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Fundamental Concepts 1

utility, value, possess, desired, possesses, utilities and sometimes

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FUNDAMENTAL CONCEPTS 1. Utility.In economics the words utility and value are given an exact definite meaning which must be clearly understood, since in everyday speech they are used in different senses.

Briefly, utility is want-satisfying._ power.. Any . , thing which men want is said to possess utility-. If only one man desires it, then it possesses utility to him, but not to others. If a thing is intensely desired it is said to possess great utility ; the less intense the desire, the less the utility. Potatoes, for example, are g,reatly desired for food and thus possess great utility. Diamonds are greatly desired because of their beauty and on that account possess utility.

Utility and usefulness are not synonyms. Ameri can Beauty roses can scarcely be said to be useful, yet they are greatly desired and therefore possess great utility. No one doubts that the potato is a useful vegetable.' Yet a peck of comparatively use less diainonds could possess greater utility than sev eral million bushels of potatoes, since men are willing to give much more for a single diamond than they are for many bushels of potatoes. The word usefulness implies the attainment of some practical and desired end. A crutch under the arm of a lame man is prop erly called useful; to him also it possesses utility. The slender canes which young men sometimes carry nobody would call useful, yet to the young man they may possess perhaps as much utility as the crutch does to the lame man.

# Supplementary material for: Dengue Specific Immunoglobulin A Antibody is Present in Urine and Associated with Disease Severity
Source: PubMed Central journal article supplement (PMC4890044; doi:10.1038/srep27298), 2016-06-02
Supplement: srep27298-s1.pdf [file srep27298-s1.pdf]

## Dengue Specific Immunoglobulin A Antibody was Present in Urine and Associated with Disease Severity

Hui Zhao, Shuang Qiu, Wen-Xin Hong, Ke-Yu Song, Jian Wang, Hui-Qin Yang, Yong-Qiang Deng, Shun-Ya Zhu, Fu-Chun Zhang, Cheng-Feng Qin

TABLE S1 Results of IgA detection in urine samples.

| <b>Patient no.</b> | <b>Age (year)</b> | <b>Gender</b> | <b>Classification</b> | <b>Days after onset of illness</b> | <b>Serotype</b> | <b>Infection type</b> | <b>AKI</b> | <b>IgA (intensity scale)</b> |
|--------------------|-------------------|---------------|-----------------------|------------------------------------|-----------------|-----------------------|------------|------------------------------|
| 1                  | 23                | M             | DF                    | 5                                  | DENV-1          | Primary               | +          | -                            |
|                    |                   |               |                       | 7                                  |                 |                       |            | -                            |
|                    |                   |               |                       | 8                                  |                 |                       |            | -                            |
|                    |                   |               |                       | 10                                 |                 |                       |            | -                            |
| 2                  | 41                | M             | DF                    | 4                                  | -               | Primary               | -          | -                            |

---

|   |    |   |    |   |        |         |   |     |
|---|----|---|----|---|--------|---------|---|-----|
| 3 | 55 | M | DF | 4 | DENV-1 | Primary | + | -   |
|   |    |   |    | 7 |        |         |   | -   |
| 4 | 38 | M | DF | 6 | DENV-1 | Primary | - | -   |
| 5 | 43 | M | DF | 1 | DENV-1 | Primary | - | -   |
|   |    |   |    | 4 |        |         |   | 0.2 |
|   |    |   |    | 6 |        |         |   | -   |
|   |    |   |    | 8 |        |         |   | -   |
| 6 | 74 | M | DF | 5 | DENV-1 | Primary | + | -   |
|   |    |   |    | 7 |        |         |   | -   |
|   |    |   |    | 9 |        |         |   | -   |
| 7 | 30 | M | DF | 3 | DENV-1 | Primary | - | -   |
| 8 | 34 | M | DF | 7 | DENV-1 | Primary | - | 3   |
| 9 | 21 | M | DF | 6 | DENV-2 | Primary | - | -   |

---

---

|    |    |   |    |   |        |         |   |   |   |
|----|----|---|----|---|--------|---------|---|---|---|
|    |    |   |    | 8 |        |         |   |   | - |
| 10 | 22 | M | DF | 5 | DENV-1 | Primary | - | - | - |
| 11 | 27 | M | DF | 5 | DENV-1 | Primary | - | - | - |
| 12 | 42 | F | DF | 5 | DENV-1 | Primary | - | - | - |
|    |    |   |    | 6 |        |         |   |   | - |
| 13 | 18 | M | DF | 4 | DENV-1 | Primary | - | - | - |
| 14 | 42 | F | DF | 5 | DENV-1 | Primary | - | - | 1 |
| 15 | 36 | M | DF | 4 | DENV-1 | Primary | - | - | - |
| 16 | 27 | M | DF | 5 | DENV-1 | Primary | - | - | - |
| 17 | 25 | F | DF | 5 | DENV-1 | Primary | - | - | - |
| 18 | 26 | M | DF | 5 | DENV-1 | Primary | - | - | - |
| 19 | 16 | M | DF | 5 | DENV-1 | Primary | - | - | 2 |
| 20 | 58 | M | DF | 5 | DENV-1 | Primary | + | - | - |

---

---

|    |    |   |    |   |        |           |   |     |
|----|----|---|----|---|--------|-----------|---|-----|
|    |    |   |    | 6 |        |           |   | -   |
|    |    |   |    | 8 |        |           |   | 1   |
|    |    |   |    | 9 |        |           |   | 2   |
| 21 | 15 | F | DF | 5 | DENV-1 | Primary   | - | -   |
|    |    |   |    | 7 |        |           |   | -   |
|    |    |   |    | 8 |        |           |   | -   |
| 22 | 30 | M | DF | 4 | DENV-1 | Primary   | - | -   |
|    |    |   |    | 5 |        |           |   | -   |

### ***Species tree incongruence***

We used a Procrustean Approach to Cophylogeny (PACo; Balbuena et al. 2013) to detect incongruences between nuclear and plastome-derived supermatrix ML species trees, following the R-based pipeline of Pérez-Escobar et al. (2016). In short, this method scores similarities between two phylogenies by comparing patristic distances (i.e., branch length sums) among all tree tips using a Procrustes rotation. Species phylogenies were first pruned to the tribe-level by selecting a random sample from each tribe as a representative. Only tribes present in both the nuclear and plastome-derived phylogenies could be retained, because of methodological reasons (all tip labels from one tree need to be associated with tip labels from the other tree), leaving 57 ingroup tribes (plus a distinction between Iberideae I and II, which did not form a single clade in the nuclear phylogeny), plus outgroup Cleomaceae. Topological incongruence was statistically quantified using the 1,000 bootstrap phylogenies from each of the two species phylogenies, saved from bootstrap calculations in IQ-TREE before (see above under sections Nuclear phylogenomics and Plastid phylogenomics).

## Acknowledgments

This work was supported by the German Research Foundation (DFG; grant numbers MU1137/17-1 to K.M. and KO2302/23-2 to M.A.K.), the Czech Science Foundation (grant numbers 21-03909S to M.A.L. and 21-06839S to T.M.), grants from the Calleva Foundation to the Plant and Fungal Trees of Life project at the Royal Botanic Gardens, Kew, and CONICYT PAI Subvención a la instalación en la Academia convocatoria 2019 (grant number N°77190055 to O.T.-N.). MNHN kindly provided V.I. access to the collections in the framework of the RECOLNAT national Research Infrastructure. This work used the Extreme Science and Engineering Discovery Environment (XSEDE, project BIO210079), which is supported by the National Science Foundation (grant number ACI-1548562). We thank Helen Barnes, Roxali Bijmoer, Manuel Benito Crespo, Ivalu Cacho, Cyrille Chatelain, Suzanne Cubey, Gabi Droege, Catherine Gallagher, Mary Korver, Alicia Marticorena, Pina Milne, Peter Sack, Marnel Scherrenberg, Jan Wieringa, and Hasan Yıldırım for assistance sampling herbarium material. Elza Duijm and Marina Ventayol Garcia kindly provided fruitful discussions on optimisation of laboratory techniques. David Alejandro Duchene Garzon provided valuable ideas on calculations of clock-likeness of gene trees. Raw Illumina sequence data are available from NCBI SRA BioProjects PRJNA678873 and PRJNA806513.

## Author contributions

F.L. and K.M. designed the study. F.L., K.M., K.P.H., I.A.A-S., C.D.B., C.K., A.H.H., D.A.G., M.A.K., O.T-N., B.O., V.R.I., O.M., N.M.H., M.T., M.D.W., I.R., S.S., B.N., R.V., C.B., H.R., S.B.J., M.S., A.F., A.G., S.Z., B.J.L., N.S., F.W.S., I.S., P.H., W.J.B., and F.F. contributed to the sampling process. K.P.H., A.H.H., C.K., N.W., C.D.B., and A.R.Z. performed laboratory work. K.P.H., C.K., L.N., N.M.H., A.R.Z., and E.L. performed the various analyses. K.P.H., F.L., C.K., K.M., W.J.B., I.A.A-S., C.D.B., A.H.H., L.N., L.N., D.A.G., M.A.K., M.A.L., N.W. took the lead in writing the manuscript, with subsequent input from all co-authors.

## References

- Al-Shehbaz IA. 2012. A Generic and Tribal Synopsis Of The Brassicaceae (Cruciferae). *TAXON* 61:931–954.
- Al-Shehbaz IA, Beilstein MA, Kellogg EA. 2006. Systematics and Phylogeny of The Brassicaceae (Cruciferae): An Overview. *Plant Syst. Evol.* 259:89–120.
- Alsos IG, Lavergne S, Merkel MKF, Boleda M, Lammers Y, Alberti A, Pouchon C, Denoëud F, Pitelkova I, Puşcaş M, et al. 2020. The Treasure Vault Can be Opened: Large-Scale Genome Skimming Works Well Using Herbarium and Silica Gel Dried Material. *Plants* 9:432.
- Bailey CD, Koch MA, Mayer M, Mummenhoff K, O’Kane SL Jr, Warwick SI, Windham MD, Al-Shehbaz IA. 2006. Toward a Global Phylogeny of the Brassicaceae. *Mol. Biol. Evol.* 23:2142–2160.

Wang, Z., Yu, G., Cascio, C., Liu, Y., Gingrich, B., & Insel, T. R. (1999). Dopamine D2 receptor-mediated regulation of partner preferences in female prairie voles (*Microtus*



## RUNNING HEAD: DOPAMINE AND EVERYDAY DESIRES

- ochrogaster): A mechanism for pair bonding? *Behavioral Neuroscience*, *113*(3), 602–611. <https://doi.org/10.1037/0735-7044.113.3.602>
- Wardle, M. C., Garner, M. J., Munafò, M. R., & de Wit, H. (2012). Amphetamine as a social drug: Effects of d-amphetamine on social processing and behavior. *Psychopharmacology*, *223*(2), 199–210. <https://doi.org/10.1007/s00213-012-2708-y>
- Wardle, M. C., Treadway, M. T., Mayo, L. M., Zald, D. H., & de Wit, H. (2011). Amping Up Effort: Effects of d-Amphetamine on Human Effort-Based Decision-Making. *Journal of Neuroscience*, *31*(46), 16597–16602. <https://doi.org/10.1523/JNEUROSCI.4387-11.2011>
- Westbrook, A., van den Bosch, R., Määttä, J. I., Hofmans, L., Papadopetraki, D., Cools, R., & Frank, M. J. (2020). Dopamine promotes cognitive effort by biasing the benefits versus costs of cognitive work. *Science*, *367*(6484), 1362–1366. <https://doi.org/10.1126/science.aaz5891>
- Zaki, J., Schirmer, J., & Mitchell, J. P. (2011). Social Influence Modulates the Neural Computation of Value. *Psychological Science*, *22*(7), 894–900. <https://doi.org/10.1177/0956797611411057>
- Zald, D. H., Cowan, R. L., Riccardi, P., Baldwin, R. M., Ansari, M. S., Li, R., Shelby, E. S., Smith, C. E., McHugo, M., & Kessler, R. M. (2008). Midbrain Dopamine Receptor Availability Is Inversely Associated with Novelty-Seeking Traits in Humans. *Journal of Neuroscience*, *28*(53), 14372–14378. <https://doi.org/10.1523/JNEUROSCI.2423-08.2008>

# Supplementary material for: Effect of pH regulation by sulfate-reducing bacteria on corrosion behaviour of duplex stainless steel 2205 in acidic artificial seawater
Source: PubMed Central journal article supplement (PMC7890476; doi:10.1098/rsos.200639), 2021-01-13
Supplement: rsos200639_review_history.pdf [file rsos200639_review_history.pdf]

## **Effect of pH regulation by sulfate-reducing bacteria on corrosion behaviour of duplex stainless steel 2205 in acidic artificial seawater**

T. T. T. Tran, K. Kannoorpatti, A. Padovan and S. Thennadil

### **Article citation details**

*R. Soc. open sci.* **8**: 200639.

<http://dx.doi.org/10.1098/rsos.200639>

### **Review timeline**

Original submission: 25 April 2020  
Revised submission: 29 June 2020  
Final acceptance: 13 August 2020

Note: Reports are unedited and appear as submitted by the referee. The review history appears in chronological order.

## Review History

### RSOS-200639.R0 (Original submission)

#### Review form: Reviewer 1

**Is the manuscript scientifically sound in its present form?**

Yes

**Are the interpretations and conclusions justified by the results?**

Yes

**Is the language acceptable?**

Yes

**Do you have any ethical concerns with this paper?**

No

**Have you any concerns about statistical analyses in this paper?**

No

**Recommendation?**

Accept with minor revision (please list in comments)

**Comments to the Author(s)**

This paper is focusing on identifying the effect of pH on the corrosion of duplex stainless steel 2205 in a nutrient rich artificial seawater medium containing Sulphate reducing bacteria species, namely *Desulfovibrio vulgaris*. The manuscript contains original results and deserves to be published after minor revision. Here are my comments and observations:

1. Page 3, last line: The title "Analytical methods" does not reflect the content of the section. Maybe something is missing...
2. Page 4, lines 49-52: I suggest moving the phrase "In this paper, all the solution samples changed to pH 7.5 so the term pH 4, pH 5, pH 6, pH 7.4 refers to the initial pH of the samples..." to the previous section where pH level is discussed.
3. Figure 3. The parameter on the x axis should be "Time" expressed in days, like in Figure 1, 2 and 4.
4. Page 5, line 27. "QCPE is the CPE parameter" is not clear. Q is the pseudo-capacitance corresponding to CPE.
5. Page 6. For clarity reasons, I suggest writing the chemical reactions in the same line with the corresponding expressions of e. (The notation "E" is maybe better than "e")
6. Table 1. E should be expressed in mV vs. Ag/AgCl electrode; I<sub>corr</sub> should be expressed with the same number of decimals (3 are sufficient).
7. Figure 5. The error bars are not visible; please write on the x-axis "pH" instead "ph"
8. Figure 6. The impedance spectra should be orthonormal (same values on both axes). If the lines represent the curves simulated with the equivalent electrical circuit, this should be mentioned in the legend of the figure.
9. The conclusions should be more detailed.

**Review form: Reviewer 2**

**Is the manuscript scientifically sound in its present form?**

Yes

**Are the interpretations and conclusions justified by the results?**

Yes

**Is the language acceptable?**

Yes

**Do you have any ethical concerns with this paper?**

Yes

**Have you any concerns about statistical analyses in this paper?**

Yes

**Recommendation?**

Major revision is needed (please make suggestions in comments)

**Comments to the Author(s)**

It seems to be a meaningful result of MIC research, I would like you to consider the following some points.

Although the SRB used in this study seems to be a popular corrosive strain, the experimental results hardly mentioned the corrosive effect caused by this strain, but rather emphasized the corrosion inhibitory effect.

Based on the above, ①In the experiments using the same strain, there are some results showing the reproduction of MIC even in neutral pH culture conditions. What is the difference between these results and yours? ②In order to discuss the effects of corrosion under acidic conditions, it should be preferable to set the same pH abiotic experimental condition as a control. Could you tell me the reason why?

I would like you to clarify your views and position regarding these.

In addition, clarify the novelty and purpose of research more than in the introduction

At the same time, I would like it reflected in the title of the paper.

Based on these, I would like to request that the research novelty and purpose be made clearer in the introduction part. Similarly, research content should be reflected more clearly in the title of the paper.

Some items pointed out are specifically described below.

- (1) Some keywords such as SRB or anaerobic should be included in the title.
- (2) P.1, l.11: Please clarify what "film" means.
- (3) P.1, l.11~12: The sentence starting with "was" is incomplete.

Sometimes econornists use the word utility in a substantive sense. For example, if a thing possesses utility they sometimes speak of it as being a utility, by which they merely mean that it is something desired by man, something capable of gratifying a human want. It is well to note at the outset that the econ omist sometimes thinks of commodities as being a mass of utilities.

2. Kinds of ntility.—For convenience economists classify utilities in relation to time, form and place. Ice, for example, possesses greater value in summer than in winter. Hence we may say that an ice house serves to increase the time utility of ice. Cold storage

houses preserve utilities from decay, besides keeping them until they possess greater time utility. Manu facturers in general increase the value of raw mate rials by increasing their form utility, wood being more valuable in the form of a chair than in the form of a board. Merchants of all classes increase the place utilities of the goods they handle, and hence are the joint producers of their value along with the farmers and manufacturers.

3. Value.—Some objects possessing utility are sup plied by nature so generously that man has to make no effort ordinarily to get all he wants. Air and water, except in cities, are utilities of this sort. So often in many country districts are apples and berries. Econ omists are not concerned about things of this kind. They are interested only in those articles which are not freely available for those who want them and for the proddetion of which a certain amount of labor is necessary. Articles of this kind are said to possess value or exchange power because they combine utility and scarcity. Of course, utility is the first pre requisite of value, for nobody will give anything in exchange for what nobody wants. An article can possess value only on condition that it possesses utility and exists in a quantity insufficient to satisfy the de sires of those who want it.

Value and income are probably the two most im portant words in political economy. Men toil in order that they may get things possessing value, for from the possession of such things they derive the psychic income or mental satisfaction which each re gards as most desirable.

Popularly the word value is used in many different senses. Men speak of the value of a good name, for example. A business concern values its reputation and good will. A fine singer will think of his voice as having great value. If Paderewski thru the negli gence of a corporation should lose one of his fingers a court would be called on to pass on its value, yet he could not sell one of his fingers. Most economists use the word in the sense of purchasing power, ex change power.

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